"It shall also be made clear," states paragraph 3, "that the norm is being widely applied, by the fact that women frequently serve as lectors in the liturgy and may also be called upon to distribute Holy Communion as extraordinary ministers." This instruction seems to mean that many bishops have already intervened to permit women to carry out the functions of lector at Mass and to act as extraordinary ministers of the Holy Eucharist, implying that this too is a derogation from the universal law granted for reasons that the bishops concerned have considered prudential. Thus, the permission to use women altar servers is not to be presented as a total innovation, although there is an aspect to this permission which is totally new as far as the sanctuary surrounding the strictly sacrificial part of the Mass is concerned.
The Congregation for Divine Worship and the Sacraments was competent to impose these Instructions. In general the dicasteries of the Holy See have the authority to issue instructions for the carrying into practice of the general laws of the Church. 7 In particular, the present Instructions have been issued by special mandate of the Pope, as is evident both from the letter of the Congregation in which the Instructions are contained and from the wording of the response of the Pontifical Council for the Interpretation of Legislative Texts.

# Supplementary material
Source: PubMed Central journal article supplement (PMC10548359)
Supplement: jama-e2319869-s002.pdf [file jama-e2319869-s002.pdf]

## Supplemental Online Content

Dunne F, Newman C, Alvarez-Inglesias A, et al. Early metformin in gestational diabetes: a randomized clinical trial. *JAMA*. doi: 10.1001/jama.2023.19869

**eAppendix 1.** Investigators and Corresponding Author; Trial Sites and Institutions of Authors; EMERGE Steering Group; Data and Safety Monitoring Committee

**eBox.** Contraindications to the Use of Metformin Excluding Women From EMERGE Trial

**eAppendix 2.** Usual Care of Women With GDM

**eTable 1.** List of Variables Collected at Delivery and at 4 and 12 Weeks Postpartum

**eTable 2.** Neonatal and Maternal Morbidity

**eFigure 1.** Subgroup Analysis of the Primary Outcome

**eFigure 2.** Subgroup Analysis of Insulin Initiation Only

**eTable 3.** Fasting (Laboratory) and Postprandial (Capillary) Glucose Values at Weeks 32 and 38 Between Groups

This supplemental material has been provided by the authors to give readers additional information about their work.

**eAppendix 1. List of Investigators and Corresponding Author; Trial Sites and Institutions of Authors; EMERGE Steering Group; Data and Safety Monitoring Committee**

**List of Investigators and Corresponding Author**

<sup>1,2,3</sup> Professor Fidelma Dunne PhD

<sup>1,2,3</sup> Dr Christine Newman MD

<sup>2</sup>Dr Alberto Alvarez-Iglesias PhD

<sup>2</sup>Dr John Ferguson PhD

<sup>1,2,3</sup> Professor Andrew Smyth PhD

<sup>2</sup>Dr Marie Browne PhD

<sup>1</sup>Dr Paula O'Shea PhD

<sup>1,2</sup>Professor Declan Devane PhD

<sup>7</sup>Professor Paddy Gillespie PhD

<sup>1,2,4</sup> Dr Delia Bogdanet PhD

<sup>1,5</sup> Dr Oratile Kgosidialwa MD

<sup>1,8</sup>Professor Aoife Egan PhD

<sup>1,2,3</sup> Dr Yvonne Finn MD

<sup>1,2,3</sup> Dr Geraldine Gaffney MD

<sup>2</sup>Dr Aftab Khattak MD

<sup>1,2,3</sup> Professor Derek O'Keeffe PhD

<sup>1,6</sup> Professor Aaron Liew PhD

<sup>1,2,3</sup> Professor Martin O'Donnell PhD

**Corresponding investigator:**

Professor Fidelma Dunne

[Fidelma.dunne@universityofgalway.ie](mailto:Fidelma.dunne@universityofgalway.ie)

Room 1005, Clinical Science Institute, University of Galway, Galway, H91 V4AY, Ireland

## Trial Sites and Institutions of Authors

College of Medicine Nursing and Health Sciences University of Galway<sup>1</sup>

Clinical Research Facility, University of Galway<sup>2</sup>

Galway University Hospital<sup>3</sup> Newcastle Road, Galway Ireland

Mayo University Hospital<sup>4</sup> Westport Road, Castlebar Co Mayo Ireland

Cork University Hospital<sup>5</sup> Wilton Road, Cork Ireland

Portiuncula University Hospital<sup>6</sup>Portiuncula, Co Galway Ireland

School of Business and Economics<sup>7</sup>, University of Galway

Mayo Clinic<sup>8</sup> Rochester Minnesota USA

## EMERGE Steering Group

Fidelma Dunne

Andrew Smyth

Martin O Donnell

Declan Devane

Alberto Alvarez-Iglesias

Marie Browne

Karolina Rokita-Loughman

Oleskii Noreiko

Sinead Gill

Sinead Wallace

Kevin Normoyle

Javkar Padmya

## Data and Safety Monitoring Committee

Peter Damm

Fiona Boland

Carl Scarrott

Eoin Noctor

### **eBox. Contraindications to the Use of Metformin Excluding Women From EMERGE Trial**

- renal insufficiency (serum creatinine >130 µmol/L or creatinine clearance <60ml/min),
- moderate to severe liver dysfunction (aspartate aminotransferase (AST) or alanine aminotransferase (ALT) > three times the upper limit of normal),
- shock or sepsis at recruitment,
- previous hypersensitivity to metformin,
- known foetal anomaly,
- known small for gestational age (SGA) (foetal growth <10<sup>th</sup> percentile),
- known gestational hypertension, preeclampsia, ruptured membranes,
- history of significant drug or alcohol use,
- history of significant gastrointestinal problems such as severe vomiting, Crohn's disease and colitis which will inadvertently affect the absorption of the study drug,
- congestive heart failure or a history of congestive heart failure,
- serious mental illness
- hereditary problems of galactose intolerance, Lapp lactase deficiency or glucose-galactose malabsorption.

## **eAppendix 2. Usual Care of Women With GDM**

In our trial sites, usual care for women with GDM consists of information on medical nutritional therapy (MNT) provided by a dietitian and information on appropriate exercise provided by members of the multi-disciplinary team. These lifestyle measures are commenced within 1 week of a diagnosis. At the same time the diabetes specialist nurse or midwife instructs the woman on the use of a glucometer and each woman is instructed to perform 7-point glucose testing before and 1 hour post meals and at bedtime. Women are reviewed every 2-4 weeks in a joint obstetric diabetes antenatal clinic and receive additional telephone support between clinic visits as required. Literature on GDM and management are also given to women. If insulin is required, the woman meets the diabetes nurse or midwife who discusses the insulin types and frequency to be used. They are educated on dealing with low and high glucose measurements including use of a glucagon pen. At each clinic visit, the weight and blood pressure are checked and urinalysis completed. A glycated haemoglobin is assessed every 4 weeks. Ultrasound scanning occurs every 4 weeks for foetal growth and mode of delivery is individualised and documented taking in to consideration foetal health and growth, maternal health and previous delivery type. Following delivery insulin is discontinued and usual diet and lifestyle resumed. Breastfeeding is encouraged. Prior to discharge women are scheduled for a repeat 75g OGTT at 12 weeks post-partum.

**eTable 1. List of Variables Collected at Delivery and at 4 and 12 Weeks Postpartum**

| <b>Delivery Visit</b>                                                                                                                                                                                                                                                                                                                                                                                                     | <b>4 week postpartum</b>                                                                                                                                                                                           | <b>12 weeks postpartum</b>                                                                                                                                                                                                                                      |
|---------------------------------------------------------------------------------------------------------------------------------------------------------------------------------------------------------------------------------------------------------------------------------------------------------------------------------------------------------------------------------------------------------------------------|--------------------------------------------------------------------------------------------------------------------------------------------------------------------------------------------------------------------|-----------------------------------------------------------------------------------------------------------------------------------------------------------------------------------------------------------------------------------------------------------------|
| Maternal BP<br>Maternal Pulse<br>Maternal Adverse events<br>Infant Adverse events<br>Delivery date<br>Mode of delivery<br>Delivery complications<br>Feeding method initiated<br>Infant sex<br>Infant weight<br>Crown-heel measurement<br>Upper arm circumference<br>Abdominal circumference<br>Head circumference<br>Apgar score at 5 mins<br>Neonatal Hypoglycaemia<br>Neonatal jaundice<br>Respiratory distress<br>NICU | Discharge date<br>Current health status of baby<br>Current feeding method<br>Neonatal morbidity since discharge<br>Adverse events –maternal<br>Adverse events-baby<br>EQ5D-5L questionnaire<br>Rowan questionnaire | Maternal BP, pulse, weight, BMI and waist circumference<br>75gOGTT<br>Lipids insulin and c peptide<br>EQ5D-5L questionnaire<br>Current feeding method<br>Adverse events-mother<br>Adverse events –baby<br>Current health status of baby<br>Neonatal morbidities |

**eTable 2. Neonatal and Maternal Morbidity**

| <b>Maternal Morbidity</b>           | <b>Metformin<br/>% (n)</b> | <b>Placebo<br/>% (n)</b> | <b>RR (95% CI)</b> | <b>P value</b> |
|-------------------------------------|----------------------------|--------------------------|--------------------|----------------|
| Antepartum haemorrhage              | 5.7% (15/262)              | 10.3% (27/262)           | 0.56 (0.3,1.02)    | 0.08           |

This authentic interpretation does not affect liturgical discipline of the Eastern Rites of the Catholic Church, with its prohibition of women altar servers. Canon 408.2 of the Code of Canons of the Eastern Churches is parallel to Canon 230 of the Latin Code of Canon Law inasmuch as it states that lay persons "may be admitted for other functions also except for those which require a Holy Order or which by the particular legislation of an individual self-standing Church are expressly forbidden to lay persons." In fact, in all of the Eastern rites, service of females at the altar is excluded by liturgical law. The authentic interpretation of Canon 230.2 of the Latin-rite Code, since it is not a mere clarification of words but is actually a modification of the canon imposed by authority for particular pastoral reasons in the Latin Church, cannot be invoked by way of analogy as an interpretation of Eastern canon law. Furthermore, the authentic interpretation requires instructions to be given by the Apostolic See. If instructions in this regard were ever to be emitted by the Holy See for a change in the liturgical practice of the Eastern Churches as a whole, these instructions would normally be put out by the Congregation for the Oriental Churches, which has competence in this area, and not by the Congregation for Divine Worship and the Sacraments, which is not competent over the Eastern Rites of the Church.